We know the shapes of our narratives, and we also know our own voice and style. So our stories are likely to make sense to us, regardless of whether they make sense to others.
On Monday, I wrote about my recent editing experiences and the new challenges I’ve faced helping authors improve their work. Today I would like to continue in a somewhat similar vein with a post about self-editing.
Editing our own work can be incredibly difficult, but it is also a skill we can hone. Let me be absolutely clear, though: No matter how good we become at editing our own work, we still need outside editors. No one – NO ONE – is so good at writing and self-editing that they can get by without an editor. None of what I’m about to suggest is intended as a replacement for the editorial process. Rather, self-editing is a tool that will make subsequent editorial relationships easier and quicker. Every problem we catch on our own is one fewer we need to hash out with an editor. Put another way, the cleaner our manuscripts, the easier it is to navigate future edits and revisions.
So with those caveats firmly in place, let’s look at a few things we can do to improve our self-editing.
The biggest problem we’re likely to encounter in editing our own work is our familiarity with our stories and our writing. We know what we’re trying to say. We know the shapes of our narratives, and we also know our own voice and style. So our stories are likely to make sense to us, regardless of whether they make sense to others. Our prose is likely to be clear and coherent to us, even if it’s clunky or sloppy to others. As a for instance, have you ever omitted a key word from the sentence, and then read that sentence again and again and again, each time inserting the word in your own head so that you fail to realize that the word isn’t there on the page? Only when another reader comes along and says, “You know, you’re missing a word…” do we finally realize there’s a problem. In the same way, we can often come up with plot points that make perfect sense in our own thinking and remain utterly opaque to our readers.
Thus, the secret to successful self-editing lies in creating as much distance as possible between the writing process and the experience of reading our own work. We want the material to feel as fresh, as much like the work of another writer, as it can.
How do we do this? I like to create distance between the writing and editing experiences using several tools: time, format, medium.
Time is pretty simple, but let me back up briefly to say that I tend to write relatively polished drafts. That’s just the way I work. I want the wording of my first draft to be as close to the final version as possible, so I clean things up as I write. That said, though, once I finish a section of a draft, I don’t go back and edit until I complete the entire book. Any edits I think of along the way, I jot down in a separate file. And then I continue writing. As I said in a post a few weeks ago, I don’t retreat into edits because for me momentum is everything.
Once the manuscript is done, I stick it in a drawer (in a figurative sense) for at least four weeks. I prefer six. And yes, when planning my work schedule and juggling deadlines, I factor in this resting period. During the interim I work on other things, ideally something in a different world or series. That way, when I come back to the piece all those weeks later, it’s fresh. I won’t have forgotten it – that’s too much to ask. But it won’t be quite so familiar.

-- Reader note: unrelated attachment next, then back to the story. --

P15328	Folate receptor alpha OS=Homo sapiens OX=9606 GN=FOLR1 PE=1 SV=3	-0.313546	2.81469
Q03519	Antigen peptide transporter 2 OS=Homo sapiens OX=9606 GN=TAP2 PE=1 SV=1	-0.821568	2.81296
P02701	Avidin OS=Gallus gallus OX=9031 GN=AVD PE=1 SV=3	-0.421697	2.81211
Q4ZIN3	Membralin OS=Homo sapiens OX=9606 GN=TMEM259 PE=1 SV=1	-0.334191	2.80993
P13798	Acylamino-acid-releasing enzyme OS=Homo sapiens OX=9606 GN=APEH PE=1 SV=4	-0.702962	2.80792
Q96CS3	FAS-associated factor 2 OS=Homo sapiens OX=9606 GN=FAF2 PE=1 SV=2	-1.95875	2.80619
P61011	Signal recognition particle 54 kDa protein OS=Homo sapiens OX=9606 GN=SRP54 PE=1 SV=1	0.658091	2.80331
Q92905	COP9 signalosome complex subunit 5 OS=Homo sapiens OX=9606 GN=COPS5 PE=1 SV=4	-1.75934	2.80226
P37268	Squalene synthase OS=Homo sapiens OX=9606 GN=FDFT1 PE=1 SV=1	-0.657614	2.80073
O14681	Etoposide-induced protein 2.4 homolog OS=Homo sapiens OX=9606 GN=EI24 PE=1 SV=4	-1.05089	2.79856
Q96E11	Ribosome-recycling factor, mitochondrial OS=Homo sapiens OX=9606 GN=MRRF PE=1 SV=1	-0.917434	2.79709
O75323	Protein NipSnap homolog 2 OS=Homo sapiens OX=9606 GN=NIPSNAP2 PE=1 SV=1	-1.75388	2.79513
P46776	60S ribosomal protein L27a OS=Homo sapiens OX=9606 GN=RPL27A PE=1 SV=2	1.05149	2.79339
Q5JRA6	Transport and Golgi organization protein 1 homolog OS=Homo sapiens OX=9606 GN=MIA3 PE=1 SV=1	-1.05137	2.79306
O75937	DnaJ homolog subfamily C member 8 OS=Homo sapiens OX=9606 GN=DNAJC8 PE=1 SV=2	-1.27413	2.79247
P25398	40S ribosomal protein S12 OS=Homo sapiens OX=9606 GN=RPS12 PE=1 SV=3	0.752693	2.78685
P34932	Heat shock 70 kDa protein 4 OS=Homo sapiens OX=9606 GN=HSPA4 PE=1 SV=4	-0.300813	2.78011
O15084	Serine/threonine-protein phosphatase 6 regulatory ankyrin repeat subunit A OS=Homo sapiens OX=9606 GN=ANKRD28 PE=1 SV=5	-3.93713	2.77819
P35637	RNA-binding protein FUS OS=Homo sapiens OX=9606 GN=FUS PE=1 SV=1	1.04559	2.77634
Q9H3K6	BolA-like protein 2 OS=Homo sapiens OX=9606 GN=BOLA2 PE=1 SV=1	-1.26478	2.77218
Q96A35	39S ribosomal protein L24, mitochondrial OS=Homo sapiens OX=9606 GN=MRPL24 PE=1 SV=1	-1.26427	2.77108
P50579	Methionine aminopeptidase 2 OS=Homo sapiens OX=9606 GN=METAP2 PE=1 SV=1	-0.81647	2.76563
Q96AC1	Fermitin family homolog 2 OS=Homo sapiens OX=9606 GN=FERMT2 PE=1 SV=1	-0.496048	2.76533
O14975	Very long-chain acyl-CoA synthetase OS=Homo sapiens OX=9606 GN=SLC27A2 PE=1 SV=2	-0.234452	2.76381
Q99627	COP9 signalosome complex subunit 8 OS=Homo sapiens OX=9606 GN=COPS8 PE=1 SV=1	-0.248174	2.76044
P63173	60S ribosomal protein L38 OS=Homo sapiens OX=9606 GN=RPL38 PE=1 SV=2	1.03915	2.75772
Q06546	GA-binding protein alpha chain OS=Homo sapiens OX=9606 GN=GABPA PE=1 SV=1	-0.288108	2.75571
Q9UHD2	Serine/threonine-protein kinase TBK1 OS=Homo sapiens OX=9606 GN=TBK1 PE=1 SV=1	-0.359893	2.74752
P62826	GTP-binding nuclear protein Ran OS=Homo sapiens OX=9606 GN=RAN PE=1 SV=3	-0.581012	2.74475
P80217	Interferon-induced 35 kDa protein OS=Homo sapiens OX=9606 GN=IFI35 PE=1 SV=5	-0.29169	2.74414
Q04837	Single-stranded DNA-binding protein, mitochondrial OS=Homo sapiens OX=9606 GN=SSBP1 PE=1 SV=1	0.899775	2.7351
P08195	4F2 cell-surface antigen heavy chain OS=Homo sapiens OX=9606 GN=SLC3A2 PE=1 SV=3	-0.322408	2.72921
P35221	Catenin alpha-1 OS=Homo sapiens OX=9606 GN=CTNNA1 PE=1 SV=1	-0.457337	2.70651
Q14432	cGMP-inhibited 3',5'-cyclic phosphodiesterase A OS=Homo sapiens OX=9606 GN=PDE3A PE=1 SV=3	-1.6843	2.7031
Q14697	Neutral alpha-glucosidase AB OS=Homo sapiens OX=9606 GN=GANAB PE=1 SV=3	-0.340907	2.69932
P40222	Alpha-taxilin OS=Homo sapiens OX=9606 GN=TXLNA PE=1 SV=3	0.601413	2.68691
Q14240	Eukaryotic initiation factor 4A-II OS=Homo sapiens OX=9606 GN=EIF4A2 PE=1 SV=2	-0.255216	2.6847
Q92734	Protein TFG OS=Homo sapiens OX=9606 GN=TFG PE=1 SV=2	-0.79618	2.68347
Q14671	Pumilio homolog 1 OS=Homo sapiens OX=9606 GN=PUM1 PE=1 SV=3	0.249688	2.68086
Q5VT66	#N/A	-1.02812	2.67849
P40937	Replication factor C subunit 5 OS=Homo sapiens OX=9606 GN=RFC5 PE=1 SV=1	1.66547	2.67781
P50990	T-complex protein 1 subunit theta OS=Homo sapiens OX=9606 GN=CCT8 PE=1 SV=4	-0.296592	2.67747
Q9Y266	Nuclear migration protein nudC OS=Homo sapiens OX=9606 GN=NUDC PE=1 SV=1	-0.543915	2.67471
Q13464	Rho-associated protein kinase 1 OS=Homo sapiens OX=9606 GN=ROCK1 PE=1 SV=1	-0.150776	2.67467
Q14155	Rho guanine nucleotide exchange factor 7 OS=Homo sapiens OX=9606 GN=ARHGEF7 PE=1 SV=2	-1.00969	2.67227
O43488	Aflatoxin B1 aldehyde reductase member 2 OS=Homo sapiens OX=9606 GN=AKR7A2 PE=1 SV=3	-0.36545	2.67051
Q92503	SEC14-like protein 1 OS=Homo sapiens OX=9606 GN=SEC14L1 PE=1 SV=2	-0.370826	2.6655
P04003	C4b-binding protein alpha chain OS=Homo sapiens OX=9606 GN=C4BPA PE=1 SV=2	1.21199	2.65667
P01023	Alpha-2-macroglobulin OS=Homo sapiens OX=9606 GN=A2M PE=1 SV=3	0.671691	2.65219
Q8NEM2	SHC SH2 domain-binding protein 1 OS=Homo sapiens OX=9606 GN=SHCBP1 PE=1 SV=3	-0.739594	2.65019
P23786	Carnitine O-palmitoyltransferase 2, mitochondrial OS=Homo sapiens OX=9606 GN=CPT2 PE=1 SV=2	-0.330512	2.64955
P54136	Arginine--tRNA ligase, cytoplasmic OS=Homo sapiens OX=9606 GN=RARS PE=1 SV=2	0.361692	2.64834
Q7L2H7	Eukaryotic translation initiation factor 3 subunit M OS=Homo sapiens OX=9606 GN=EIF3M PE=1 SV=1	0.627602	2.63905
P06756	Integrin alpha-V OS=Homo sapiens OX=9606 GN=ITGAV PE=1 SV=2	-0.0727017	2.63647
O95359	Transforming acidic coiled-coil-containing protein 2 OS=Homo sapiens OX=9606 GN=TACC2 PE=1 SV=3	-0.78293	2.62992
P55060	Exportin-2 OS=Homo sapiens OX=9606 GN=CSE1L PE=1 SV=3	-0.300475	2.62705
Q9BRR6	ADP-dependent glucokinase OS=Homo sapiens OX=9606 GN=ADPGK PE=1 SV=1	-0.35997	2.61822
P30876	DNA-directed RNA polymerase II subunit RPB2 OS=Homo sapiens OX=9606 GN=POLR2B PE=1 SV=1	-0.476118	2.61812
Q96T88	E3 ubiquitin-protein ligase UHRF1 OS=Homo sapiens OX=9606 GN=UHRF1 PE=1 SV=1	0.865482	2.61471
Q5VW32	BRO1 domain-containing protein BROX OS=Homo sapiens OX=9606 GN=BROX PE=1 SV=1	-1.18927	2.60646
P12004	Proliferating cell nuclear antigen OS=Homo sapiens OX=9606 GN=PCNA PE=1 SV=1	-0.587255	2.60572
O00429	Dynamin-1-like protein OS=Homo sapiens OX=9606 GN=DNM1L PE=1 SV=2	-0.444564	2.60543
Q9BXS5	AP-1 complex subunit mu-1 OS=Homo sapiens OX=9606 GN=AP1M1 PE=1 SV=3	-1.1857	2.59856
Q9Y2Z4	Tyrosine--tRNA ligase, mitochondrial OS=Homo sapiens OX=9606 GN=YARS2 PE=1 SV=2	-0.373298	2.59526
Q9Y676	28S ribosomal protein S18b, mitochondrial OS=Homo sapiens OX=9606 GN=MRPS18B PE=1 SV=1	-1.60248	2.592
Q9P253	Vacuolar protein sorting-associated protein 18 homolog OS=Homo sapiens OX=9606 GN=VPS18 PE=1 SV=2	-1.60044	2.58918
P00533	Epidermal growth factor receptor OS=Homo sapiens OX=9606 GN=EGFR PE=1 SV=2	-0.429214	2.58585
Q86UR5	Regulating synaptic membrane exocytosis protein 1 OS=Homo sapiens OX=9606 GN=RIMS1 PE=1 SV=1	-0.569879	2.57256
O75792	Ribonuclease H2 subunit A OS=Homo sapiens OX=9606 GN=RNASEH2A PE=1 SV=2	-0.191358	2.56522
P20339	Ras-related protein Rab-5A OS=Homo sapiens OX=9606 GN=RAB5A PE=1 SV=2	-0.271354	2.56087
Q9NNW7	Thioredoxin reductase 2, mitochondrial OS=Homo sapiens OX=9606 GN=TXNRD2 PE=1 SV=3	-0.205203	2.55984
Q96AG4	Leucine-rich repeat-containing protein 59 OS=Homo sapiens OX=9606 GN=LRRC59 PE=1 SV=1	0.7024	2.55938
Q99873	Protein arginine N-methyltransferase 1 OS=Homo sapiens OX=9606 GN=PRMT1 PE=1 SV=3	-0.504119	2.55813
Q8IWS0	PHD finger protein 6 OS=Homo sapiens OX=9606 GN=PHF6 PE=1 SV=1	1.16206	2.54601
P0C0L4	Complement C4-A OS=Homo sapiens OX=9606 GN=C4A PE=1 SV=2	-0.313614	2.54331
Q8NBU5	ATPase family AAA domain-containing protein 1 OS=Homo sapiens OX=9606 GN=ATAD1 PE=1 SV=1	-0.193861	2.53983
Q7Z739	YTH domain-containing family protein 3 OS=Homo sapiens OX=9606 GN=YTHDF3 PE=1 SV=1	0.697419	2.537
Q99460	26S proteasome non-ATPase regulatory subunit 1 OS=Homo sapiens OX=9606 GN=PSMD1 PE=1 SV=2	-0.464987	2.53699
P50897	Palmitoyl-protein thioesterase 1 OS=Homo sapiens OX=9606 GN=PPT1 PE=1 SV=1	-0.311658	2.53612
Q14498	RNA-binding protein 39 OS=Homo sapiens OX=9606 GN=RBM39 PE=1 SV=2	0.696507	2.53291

Format is a bit of an inconvenience, at least for me. I write at my computer. Everything. I can barely hand-write a shopping list anymore. And so I am used to looking at my manuscripts on a screen. Ideally, I then edit with a pencil on a paper copy of the book. Now, I understand that printing our manuscripts is a pain in the butt. It’s time-consuming, paper and ink are expensive, and there are environmental factors to consider. But the fact is, if I write on my computer and try to edit on the computer as well, I miss stuff. When I read the book on paper, I see things I would otherwise skim over. If you are in a position to print out your books I recommend doing so. You’ll be amazed at the difference it makes.
Medium is easy, although you might want to do this one in the privacy of your own home. We write our books in relative silence (though I do often speak as I type, particularly with dialogue), and we can read and edit them that way as well. Or, we can read them aloud. I’ll admit that at this stage of my career, I rarely print out manuscripts. But I ALWAYS edit by reading aloud. I see the page differently when I treat it as a script, catching mistakes I’d otherwise miss. And more to the point, when I hear the book, even in my own voice, I become aware of things that might escape me in a silent read: clunky transitions, words and phrases I’ve overused, stilted dialogue, and a bunch of other problems. Seriously, reading a piece out loud might leave you hoarse and exhausted, but it’s invaluable as a self-editing tool.
There are other distancing techniques that can help as well. For instance, if you write every day in the same spot in your house or in a library or café, trying editing elsewhere. That change in venue can make a difference.
The point is, you want your writing experience and critical reading experience to have as little in common as possible. Anything that makes the manuscript feel fresh and unfamiliar will contribute to clearing your perspective. And that, in turn, will allow you to see and fix issues you might have missed.
Best of luck, and keep writing!